What is a piece of advice that someone with FA has given you that encourages and inspires you? Even if you don’t know which direction to take, keep moving. –Kyle Bryant

Sandra Johnson What is the best advice YOU could give a person who has been newly diagnosed with FA? Adaptability will be paramount for your future. Everyone has to learn to adapt, but unfortunately for FAers the changes move considerably faster. Utilize FARA and speak to other FAers. Some may be able to give you advice, while some may need your advice. Knowing you are not alone and there are people like you can definitely help with the stress/anxiety/questions that come along with this disease. I have met, spoken with and been inspired by some truly great people because of FA.

What is the first thing you want to do when a cure/treatment is found? Play sports again (especially ice hockey with my kids). I played many different sports growing up and throughout high school. I really miss physically competing for myself but I wish I could teach my kids the fundamental knowledge I have by showing them. My mind knows the way but unfortunately my body can no longer do those things.

"I have FA but FA doesn't have me." What does this statement mean to you? How do you live your life in the face of adversity? One word comes to mind, “perseverance”. This is an overarching term that describes me and the many aspects involved, when I think of how I deal with FA. Every time I fall (physically & mentally) I do whatever I have to in order to get back up. I may complete tasks different than “normal”, but I complete them. Without a doubt I look different when at the park with my kids than the other dad’s (walk, talk, movement in general), but I am still at the park with my kids. I hope that my children never have to deal with anything like this themselves, but they will learn from me and how I react to the adversity. I want them to learn how to persevere and overcome obstacles because I helped set a good example for them. As our friend, mentor, and fellow FA’er Kyle Bryant once said; “stop dwelling on what you can’t do and start focusing on what you can do”. Those words are powerful and I like to keep that mindset every day. My attitude definitely has a significant impact on me taking control of my FA.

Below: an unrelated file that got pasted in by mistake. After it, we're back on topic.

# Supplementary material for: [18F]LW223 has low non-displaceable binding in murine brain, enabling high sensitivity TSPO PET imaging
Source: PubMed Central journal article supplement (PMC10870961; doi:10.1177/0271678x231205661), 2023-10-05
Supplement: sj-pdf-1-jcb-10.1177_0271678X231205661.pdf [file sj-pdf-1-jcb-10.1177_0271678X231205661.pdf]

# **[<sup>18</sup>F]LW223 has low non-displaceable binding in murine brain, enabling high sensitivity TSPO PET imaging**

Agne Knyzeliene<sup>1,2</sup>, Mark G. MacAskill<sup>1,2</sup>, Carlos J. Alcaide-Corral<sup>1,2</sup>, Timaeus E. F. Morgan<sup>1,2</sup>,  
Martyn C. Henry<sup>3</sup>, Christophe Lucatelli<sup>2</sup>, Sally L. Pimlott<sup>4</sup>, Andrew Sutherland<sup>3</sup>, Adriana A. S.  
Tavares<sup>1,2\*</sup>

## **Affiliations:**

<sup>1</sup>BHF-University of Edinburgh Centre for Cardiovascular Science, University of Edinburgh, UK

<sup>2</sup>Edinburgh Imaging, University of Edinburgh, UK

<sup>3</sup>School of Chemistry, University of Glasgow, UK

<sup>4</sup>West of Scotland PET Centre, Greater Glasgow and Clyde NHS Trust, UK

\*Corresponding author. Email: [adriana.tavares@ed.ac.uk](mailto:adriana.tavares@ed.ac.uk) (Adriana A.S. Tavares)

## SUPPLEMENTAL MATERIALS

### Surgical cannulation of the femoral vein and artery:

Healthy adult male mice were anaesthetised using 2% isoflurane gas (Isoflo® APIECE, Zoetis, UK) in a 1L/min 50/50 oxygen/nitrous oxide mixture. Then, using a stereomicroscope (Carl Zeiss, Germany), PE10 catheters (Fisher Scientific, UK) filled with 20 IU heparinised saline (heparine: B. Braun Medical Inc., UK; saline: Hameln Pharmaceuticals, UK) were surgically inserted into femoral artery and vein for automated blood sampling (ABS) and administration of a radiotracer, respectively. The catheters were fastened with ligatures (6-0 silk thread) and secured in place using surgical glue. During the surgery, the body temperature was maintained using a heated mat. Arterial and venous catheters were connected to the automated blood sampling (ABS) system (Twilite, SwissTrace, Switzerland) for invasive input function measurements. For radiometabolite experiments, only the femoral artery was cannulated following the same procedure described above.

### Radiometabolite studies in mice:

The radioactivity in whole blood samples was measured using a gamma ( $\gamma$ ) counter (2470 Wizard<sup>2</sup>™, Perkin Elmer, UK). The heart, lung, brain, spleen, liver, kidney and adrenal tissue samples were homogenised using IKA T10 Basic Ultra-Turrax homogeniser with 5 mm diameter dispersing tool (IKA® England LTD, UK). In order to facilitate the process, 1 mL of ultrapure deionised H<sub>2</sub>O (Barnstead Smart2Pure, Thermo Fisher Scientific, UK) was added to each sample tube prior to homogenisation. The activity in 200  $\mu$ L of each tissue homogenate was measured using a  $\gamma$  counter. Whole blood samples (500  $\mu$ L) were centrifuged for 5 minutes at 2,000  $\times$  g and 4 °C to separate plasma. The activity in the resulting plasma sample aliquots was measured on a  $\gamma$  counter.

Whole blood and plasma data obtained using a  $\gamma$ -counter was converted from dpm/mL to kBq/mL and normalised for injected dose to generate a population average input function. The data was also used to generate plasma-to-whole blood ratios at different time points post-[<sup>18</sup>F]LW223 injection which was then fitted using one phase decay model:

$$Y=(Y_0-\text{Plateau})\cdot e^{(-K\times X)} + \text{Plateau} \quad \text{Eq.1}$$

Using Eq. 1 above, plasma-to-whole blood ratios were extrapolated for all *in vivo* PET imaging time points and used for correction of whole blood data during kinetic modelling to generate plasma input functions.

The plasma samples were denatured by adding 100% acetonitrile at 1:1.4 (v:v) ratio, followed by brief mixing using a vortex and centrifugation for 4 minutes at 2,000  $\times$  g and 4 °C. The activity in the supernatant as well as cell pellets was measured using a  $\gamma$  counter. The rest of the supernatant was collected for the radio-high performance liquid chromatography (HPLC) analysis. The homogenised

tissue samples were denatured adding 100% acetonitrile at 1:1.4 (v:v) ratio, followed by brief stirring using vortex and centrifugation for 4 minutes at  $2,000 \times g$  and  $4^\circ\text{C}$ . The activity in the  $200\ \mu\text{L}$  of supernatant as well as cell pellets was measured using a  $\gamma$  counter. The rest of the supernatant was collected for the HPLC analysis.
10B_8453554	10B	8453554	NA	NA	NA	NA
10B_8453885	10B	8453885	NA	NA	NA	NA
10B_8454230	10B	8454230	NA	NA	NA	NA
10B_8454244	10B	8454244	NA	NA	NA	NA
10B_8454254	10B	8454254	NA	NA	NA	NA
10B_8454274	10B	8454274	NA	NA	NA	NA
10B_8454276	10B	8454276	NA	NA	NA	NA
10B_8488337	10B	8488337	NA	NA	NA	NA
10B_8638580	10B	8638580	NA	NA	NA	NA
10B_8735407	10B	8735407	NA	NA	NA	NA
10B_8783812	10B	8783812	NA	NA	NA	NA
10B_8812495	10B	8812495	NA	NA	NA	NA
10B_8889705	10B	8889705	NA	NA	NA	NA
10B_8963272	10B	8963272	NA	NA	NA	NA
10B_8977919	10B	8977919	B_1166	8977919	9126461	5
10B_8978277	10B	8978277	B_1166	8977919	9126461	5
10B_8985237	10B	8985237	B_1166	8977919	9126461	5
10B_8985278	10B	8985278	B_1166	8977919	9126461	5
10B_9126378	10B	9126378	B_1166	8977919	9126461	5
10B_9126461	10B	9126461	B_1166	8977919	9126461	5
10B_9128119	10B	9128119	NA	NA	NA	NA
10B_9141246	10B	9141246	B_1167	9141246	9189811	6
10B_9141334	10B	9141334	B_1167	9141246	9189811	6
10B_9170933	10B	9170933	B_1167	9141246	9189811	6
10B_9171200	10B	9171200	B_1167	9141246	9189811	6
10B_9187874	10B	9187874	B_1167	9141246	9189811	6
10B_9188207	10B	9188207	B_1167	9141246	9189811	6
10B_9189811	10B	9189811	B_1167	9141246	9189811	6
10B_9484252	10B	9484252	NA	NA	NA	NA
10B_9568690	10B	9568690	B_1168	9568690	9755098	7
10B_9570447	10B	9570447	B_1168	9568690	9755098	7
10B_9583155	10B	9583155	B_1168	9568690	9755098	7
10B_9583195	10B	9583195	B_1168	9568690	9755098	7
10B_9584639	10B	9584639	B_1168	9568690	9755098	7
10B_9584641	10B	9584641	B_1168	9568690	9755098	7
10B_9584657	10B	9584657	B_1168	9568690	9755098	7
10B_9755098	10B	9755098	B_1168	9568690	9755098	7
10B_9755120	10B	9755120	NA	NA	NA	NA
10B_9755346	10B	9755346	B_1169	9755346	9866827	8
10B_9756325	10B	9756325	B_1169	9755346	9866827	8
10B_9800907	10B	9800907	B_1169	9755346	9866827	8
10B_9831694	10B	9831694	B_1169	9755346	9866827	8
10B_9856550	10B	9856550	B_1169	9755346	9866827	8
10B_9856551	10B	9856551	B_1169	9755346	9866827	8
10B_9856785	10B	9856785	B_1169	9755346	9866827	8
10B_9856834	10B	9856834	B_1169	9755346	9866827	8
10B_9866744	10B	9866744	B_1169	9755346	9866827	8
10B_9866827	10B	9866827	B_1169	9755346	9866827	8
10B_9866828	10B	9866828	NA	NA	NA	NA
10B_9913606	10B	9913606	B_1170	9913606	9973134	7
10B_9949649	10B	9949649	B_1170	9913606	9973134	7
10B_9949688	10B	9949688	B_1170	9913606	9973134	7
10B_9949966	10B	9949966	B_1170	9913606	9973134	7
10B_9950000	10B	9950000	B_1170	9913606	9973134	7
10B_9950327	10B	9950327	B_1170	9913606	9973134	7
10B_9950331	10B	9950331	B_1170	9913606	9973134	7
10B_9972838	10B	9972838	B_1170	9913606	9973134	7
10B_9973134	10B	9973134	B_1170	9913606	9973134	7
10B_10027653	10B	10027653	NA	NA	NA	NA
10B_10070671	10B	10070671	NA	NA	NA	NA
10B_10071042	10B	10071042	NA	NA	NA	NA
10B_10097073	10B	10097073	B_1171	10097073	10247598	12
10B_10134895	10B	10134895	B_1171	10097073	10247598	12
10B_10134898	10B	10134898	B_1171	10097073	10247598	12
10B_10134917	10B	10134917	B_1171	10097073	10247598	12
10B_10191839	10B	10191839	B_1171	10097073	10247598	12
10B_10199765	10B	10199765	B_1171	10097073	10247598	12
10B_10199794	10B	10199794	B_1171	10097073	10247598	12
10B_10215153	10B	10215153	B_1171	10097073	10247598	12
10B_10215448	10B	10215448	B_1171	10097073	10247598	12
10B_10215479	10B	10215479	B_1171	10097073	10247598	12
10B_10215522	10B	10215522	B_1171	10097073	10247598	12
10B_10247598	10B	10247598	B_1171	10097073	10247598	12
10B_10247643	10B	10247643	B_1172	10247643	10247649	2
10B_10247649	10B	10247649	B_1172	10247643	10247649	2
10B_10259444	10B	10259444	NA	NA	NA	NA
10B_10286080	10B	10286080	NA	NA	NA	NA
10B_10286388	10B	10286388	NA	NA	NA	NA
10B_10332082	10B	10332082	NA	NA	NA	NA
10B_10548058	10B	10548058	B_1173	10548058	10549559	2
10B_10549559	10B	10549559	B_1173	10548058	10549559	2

Tell us a little more about you… I use a walker to get around long distances, I have a normal life, even though I'm facing great difficulties. I try to keep my mind healthy to have my body stable, I fight to make my dreams come true and I'm not afraid of new challenges. If I'm going to live, I'll live it in an adapted way, of course, until the day I can. Fear and regret are not my motto.